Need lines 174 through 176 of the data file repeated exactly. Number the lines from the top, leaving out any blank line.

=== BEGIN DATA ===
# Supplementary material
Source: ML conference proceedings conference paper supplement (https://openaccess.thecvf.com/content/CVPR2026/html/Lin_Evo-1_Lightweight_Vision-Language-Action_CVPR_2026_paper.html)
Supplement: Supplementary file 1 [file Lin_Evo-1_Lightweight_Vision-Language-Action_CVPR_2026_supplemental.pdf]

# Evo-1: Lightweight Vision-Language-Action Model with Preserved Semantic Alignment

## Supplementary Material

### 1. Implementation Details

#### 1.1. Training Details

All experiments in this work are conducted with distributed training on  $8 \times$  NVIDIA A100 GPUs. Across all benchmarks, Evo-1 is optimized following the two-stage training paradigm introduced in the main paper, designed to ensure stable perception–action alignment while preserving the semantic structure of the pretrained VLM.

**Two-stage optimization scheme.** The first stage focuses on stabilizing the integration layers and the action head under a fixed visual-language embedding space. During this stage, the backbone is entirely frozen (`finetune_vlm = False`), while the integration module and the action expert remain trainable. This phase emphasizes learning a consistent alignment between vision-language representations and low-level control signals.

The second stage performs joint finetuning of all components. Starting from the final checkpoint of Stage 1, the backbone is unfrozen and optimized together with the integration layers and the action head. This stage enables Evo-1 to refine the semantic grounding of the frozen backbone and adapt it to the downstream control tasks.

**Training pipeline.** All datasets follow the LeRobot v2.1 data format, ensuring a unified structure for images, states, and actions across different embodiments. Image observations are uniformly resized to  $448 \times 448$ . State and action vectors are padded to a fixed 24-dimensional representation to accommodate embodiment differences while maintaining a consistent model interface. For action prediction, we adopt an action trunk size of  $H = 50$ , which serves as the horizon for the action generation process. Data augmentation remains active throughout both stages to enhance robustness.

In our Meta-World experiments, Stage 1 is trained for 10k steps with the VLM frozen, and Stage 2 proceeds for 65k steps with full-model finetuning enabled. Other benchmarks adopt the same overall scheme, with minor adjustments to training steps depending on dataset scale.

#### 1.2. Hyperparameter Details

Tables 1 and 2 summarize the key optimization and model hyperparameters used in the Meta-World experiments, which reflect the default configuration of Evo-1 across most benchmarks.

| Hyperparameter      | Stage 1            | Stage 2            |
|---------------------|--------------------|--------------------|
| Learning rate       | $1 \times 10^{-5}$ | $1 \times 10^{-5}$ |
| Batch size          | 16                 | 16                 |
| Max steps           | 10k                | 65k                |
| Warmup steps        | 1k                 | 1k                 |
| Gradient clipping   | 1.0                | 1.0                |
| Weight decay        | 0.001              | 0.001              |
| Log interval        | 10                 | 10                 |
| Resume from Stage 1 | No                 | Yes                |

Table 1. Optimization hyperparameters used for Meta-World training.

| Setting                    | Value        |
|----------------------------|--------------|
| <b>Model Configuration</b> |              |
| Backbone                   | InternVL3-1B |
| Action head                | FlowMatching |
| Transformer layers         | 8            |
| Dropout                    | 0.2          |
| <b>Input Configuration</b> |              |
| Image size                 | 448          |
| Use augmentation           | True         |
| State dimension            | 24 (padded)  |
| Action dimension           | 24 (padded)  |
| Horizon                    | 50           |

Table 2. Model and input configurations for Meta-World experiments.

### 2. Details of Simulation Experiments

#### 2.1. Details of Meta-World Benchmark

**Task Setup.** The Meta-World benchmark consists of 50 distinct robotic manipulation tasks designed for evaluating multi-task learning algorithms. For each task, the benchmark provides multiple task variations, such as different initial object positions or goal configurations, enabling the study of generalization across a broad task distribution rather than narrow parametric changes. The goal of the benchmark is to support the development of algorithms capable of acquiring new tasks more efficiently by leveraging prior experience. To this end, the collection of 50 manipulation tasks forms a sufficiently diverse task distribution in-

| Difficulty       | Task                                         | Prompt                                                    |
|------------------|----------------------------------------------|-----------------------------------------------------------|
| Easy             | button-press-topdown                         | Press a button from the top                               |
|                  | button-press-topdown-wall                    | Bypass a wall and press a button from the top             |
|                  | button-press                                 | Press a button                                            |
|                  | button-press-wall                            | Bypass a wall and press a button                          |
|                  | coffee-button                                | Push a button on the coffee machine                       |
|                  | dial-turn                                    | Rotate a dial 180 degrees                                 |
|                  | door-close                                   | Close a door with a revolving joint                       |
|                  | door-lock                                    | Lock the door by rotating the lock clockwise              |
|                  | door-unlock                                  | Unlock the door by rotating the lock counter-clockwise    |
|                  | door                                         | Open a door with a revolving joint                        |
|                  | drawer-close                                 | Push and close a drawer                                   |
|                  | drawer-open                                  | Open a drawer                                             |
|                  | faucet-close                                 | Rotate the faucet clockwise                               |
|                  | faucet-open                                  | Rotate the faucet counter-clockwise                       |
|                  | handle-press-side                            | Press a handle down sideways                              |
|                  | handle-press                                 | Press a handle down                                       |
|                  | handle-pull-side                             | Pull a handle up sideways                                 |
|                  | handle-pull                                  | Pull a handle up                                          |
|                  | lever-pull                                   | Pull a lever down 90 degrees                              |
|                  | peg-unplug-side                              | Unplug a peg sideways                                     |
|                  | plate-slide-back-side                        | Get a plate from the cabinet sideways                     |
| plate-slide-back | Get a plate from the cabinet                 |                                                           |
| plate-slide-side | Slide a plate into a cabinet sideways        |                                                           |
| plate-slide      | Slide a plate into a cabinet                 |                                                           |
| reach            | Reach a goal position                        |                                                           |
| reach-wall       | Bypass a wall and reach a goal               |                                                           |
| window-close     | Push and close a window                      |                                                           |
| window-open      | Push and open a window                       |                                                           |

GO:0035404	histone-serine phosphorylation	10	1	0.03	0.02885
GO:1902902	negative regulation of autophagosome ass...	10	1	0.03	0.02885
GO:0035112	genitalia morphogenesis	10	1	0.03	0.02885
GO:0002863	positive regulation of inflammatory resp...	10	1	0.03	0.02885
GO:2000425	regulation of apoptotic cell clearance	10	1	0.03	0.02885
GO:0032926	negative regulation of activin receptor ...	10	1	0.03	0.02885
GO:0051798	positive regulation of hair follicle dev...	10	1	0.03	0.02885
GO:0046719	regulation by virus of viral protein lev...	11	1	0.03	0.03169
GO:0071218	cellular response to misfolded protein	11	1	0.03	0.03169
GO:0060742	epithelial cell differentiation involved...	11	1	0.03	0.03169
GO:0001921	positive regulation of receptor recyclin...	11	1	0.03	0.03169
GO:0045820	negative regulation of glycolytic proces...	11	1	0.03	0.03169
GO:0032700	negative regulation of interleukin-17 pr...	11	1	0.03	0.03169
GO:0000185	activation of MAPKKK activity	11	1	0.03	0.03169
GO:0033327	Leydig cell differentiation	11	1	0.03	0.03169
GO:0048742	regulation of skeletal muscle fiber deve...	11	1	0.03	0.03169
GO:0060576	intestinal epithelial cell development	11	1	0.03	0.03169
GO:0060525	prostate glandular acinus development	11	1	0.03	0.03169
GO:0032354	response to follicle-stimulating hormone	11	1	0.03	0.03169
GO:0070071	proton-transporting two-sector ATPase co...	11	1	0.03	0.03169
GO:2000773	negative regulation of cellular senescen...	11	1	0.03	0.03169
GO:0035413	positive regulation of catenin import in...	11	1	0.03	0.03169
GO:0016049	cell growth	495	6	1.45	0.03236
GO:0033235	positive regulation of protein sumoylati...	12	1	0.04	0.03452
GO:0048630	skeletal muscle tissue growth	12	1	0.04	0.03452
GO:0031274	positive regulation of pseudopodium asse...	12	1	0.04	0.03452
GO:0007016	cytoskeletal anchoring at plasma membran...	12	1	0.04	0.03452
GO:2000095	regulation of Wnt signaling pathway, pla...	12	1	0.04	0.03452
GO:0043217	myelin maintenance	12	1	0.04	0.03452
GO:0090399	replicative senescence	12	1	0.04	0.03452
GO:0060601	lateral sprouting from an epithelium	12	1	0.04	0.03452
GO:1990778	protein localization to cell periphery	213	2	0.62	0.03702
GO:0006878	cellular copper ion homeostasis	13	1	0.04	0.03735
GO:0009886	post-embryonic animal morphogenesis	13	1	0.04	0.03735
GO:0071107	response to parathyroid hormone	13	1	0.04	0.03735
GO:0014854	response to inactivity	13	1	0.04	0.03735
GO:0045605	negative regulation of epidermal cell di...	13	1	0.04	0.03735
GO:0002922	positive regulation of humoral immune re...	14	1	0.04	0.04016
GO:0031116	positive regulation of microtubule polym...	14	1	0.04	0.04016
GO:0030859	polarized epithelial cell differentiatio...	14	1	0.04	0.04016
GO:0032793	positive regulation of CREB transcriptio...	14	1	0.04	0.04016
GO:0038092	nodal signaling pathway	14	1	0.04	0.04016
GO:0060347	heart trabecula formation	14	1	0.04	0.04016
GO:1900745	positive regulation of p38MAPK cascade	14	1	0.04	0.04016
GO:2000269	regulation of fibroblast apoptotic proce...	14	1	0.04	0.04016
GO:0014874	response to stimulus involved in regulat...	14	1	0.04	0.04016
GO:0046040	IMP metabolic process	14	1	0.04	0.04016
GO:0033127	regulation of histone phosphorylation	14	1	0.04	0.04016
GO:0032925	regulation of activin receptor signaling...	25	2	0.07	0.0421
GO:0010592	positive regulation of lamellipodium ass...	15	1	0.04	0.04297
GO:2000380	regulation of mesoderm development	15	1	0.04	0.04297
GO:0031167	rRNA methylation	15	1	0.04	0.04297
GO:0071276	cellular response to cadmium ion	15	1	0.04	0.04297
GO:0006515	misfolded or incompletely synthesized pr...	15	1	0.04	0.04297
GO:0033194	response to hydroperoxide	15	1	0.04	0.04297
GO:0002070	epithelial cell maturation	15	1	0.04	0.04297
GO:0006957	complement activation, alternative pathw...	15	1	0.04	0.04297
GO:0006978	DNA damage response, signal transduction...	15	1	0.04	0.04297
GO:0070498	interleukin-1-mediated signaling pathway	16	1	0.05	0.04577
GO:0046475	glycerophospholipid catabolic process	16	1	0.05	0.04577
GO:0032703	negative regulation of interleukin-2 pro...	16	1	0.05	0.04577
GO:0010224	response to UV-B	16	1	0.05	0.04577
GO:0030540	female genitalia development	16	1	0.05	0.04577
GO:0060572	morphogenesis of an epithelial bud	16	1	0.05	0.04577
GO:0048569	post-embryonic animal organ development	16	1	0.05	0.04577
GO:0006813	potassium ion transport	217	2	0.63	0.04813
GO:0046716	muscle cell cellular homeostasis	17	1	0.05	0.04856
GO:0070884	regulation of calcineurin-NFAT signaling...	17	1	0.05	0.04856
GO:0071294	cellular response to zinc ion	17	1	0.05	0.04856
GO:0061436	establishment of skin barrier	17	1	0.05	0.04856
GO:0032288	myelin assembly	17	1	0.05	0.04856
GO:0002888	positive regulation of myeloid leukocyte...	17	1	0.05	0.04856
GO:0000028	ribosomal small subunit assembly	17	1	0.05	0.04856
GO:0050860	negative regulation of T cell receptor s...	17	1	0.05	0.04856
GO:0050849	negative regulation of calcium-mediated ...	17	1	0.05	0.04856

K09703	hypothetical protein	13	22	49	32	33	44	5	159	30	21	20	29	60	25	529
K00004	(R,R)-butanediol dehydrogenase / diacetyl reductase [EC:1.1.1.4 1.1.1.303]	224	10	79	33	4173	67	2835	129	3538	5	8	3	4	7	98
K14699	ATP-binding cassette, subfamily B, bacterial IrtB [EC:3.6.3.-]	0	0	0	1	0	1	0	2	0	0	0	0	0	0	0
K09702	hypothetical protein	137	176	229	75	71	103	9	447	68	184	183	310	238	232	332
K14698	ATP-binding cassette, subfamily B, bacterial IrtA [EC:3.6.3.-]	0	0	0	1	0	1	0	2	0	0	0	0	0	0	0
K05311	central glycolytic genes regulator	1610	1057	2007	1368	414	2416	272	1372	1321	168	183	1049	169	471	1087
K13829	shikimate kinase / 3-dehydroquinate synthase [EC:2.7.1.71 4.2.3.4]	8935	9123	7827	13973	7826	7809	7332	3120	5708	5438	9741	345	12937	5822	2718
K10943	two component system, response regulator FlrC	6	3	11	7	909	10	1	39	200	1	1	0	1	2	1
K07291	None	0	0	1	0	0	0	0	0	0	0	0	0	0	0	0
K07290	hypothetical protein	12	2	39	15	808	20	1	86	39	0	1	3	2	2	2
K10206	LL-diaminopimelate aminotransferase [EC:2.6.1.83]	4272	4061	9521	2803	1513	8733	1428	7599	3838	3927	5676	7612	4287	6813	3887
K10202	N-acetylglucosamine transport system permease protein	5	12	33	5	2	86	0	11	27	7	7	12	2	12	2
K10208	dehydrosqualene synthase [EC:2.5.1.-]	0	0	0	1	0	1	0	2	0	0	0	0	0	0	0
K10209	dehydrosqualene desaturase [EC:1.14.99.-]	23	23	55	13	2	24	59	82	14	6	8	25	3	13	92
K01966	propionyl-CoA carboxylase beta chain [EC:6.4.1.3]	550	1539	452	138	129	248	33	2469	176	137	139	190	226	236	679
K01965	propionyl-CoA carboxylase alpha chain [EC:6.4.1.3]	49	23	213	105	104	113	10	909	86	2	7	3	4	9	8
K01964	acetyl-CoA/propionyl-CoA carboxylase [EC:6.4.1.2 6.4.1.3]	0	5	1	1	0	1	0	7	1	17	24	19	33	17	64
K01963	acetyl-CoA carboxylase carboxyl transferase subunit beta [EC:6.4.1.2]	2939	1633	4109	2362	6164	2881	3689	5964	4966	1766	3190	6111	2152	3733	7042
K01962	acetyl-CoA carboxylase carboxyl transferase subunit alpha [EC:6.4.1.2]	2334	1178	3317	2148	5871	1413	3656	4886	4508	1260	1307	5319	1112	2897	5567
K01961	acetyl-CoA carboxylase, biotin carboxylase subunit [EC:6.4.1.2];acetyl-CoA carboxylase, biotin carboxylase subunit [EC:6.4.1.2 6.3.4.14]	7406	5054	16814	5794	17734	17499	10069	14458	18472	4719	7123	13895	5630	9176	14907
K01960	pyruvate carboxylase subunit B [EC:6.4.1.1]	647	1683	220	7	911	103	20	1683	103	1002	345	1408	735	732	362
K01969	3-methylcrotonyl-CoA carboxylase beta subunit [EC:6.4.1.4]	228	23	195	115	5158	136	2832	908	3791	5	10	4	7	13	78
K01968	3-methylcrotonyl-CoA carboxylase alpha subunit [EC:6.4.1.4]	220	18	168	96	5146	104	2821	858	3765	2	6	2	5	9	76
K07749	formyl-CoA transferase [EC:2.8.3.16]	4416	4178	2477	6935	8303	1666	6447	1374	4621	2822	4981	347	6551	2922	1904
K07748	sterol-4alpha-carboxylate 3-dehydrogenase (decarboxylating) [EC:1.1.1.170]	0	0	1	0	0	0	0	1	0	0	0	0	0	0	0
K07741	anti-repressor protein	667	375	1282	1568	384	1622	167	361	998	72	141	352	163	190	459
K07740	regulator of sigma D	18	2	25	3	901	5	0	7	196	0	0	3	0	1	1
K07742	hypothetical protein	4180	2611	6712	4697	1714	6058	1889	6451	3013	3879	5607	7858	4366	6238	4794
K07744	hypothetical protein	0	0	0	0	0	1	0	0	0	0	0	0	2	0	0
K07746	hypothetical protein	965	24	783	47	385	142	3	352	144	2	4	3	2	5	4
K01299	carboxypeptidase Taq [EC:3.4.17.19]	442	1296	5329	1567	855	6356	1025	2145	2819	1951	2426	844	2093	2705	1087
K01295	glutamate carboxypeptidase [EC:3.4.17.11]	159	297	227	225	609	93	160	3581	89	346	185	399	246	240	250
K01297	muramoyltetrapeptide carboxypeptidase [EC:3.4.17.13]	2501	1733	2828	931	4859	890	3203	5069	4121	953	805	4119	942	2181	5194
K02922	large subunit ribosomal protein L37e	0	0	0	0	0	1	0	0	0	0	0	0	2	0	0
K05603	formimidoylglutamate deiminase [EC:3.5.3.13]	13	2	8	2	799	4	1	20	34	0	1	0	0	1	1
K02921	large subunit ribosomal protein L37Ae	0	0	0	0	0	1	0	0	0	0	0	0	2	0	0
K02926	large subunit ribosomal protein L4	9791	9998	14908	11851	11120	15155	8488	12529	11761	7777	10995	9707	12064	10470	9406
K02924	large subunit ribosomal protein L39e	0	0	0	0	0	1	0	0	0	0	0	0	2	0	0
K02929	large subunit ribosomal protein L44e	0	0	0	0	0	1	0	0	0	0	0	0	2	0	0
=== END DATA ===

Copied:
K07740	regulator of sigma D	18	2	25	3	901	5	0	7	196	0	0	3	0	1	1
K07742	hypothetical protein	4180	2611	6712	4697	1714	6058	1889	6451	3013	3879	5607	7858	4366	6238	4794
K07744	hypothetical protein	0	0	0	0	0	1	0	0	0	0	0	0	2	0	0